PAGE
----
The maps and graphs in this summary describe national streamflow conditions for water year 2018 (October 1, 2017, to September 30, 2018) in the context of streamflow ranks relative to the 89-year period of water years 1930–2018, unless otherwise noted. The illustrations are based on observed data from the U.S. Geological Survey (USGS) National Streamflow Network (U.S. Geological Survey, 2019a). The period of water years 1930–2018 was used because the number of streamgages before 1930 is too small to provide representative data for computing statistics for most regions of the country.
In the summary, reference is made to the term “runoff,” which is defined here as the amount of water flowing through a stream divided by the drainage basin area of the stream. The value of runoff quantifies the magnitude of water flowing through the Nation’s rivers and streams in measurement units that can be compared from one area to another. In this summary, runoff for a specified period and geographic area is computed from all streamgages with complete streamflow record in the geographic area.
In all the graphics, a rank of 1 indicates the highest annual flow of all years analyzed and 89 indicates the lowest annual flow of all years. Rankings of streamflow are grouped into much below normal, below normal, normal, above normal, and much above normal based on percentiles of flow (less than 10 percent, 10–24 percent, 25–75 percent, 76–90 percent, and greater than 90 percent, respectively; U.S. Geological Survey, 2019b). Streamflow conditions for States or water-resources regions are presented in the text in order of ranking from highest flow to lowest flow; a highest or lowest flow rank is not shown when there are ties in the rankings. Some of the data used to produce the maps and graphs are provisional and subject to change.
Annual runoff in the Nation’s rivers and streams during water year 2018 (9.82 inches; fig. 1) was higher than the long-term (water years 1930–2018) mean annual runoff of 9.33 inches. Nationwide, the 2018 streamflow ranked 33d highest out of the 89 years.
Record low streamflow levels were reported in Arizona (fig. 2). Streamflow was much below normal in Colorado and New Mexico. Streamflow was below normal in Utah, Alaska, Kansas, and Oregon. Streamflow was above normal in Delaware, North Carolina, Nebraska, Wyoming, Tennessee, Indiana, Minnesota, District of Columbia, Kentucky, and South Dakota. Streamflow was much above normal in Iowa, Michigan, Maryland, Wisconsin, West Virginia, Ohio, Montana, and Pennsylvania. Half of the States had streamflow in the normal range.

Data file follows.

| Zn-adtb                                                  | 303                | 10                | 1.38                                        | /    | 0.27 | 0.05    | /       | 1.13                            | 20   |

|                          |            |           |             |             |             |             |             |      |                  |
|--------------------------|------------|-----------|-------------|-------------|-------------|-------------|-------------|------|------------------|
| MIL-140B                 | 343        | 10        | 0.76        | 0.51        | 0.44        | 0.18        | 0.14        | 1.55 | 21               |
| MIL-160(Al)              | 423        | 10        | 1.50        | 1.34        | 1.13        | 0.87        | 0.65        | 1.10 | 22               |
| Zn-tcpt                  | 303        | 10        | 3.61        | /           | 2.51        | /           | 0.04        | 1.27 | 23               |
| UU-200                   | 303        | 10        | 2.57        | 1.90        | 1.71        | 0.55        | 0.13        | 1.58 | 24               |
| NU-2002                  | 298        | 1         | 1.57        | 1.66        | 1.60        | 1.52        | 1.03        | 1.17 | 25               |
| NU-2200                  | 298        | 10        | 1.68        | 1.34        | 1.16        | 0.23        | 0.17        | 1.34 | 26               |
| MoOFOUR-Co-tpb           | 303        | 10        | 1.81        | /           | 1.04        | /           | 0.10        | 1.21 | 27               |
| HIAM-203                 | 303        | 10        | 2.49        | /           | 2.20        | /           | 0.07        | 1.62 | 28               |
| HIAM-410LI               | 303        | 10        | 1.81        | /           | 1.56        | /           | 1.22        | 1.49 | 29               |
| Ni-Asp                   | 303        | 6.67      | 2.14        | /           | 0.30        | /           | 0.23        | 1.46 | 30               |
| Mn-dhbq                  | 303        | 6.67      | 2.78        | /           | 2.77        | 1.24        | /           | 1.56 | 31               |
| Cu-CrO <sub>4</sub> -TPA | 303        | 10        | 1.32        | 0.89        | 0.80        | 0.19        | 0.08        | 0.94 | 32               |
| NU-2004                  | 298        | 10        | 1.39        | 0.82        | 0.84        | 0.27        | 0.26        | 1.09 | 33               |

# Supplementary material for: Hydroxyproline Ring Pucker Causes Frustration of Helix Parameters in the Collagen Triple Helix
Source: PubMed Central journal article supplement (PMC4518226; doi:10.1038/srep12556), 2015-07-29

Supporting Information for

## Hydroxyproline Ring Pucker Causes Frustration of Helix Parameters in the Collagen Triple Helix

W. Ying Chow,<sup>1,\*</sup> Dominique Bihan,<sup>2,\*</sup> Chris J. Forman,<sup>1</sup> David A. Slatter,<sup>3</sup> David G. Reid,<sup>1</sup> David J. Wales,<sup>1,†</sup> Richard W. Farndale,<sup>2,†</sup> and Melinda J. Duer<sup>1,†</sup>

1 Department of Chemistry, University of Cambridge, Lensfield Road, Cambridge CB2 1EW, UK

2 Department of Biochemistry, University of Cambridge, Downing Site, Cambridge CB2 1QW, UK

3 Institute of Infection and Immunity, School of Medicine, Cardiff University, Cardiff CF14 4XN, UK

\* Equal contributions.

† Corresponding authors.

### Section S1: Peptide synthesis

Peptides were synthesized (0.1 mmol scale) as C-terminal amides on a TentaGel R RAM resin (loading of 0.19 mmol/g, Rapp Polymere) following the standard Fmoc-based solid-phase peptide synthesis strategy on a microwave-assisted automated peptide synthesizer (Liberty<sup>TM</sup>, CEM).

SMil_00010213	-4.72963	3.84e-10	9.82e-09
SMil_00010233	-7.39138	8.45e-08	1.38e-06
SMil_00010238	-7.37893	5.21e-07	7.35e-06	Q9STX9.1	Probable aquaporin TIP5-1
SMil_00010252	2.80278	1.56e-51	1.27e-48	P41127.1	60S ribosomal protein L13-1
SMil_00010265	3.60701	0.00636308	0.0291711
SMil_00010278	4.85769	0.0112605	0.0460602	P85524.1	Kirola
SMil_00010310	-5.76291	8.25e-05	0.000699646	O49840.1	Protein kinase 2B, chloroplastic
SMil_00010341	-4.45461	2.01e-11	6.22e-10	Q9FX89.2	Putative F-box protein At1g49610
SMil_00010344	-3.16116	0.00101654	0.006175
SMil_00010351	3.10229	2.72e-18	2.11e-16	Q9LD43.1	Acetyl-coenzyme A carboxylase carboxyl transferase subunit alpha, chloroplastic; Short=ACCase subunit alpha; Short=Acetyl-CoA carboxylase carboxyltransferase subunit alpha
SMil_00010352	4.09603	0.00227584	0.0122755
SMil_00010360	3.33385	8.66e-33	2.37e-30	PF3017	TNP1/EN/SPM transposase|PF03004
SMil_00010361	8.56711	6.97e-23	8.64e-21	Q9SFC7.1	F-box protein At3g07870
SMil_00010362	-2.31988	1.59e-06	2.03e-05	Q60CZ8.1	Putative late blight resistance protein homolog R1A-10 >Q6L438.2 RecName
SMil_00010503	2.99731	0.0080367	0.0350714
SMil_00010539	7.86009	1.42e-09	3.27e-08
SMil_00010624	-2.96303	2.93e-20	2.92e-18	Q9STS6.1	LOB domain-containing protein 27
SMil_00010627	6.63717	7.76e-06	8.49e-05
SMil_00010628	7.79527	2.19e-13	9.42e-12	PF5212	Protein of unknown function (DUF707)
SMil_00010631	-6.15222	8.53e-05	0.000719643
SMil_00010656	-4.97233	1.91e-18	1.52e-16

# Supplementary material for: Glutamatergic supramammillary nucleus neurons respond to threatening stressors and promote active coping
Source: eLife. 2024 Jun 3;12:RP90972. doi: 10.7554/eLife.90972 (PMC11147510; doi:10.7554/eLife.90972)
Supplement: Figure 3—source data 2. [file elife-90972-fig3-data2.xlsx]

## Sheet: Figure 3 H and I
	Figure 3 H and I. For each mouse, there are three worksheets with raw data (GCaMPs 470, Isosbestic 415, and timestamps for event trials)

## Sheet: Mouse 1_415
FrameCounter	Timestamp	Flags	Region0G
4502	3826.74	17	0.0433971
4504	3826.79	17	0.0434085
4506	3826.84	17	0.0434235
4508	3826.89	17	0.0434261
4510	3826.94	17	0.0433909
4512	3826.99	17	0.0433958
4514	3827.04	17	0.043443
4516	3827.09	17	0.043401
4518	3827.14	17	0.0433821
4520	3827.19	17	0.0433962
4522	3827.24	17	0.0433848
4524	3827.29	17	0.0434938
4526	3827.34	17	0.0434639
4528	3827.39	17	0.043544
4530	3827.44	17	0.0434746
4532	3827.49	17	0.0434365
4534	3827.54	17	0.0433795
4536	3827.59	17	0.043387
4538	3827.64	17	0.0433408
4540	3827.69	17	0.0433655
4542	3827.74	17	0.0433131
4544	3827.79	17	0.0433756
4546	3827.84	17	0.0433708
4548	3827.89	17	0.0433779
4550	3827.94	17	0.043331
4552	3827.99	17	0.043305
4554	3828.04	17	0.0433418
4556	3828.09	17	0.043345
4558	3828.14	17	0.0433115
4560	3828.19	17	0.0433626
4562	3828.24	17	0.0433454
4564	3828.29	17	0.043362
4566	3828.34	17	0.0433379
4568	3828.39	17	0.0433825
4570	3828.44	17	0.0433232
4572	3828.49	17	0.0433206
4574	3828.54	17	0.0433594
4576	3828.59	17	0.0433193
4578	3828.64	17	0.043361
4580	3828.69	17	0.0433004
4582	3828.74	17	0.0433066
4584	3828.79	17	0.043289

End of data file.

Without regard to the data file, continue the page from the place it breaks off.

The United States, Puerto Rico, and the Virgin Islands are divided into 21 large drainages, or water-resources regions (fig. 3). These waterresources regions are based on surface topography and contain the drainage area of a major river; the combined drainage areas of a series of rivers, such as the Texas-Gulf region, which includes several rivers draining into the Gulf of Mexico; or the area of an island or island group. Water-resources regions provide a coherent, watershed-based framework for depicting streamflow variations.
much below normal levels in the Lower Colorado region (fig. 4). Below normal streamflow was reported in the Upper Colorado, Rio Grande, Alaska, and California regions. Streamflow was above normal in the Tennessee, Upper Mississippi, Great Lakes, and Mid-Atlantic regions. Much above normal streamflow was reported in the Ohio region.
The USGS operated a nationwide network of more than 8,200 streamgages in 2018, and almost all USGS streamgages are operated in real time. Current information derived from these streamgages is available at https:// waterwatch.usgs.gov. Tables of data that summarize historical streamflow conditions by State, expressed as runoff, beginning in water year 1901, can be accessed at https://waterwatch.usgs.gov/?id=statesum. These tables are updated every few months to reflect the most current streamflow data.
The streamflow information used to prepare this summary also is used for water management, flood and drought monitoring, bridge design, and several recreational activities. To obtain real-time and archived streamflow data and information, visit the USGS National Water Information System at https://doi.org/10.5066/F7P55KJN (U.S. Geological Survey, 2019c). The National Streamflow Network, which is part of the Groundwater and Streamflow Information Program, is operated primarily by the USGS; however, funding for operating the network is provided by the USGS and about 850 Federal, State, Tribal, regional, and local partners. Access additional streamflow information online at https://www.usgs.gov/ water-resources/groundwater-and-streamflow-information/ streamflow-monitoring?qt-science_support_page_related_ con=0#qt-science_support_page_related_con.
U.S. Geological Survey, 2019a, Groundwater and Streamflow Information Program: U.S. Geological Survey web page, accessed July 2019 at https://www.usgs.gov/water-resources/ groundwater-and-streamflow-information.
U.S. Geological Survey, 2019b, Map of real-time streamflow compared to historical streamflow for the day of the year (United States): U.S. Geological Survey web page, accessed July 2019 at https://waterwatch.usgs.gov/?id=ww_current.
U.S. Geological Survey, 2019c, USGS water data for the Nation: U.S. Geological Survey National Water Information System database, accessed September 30, 2019, at https://doi. org/10.5066/F7P55KJN.
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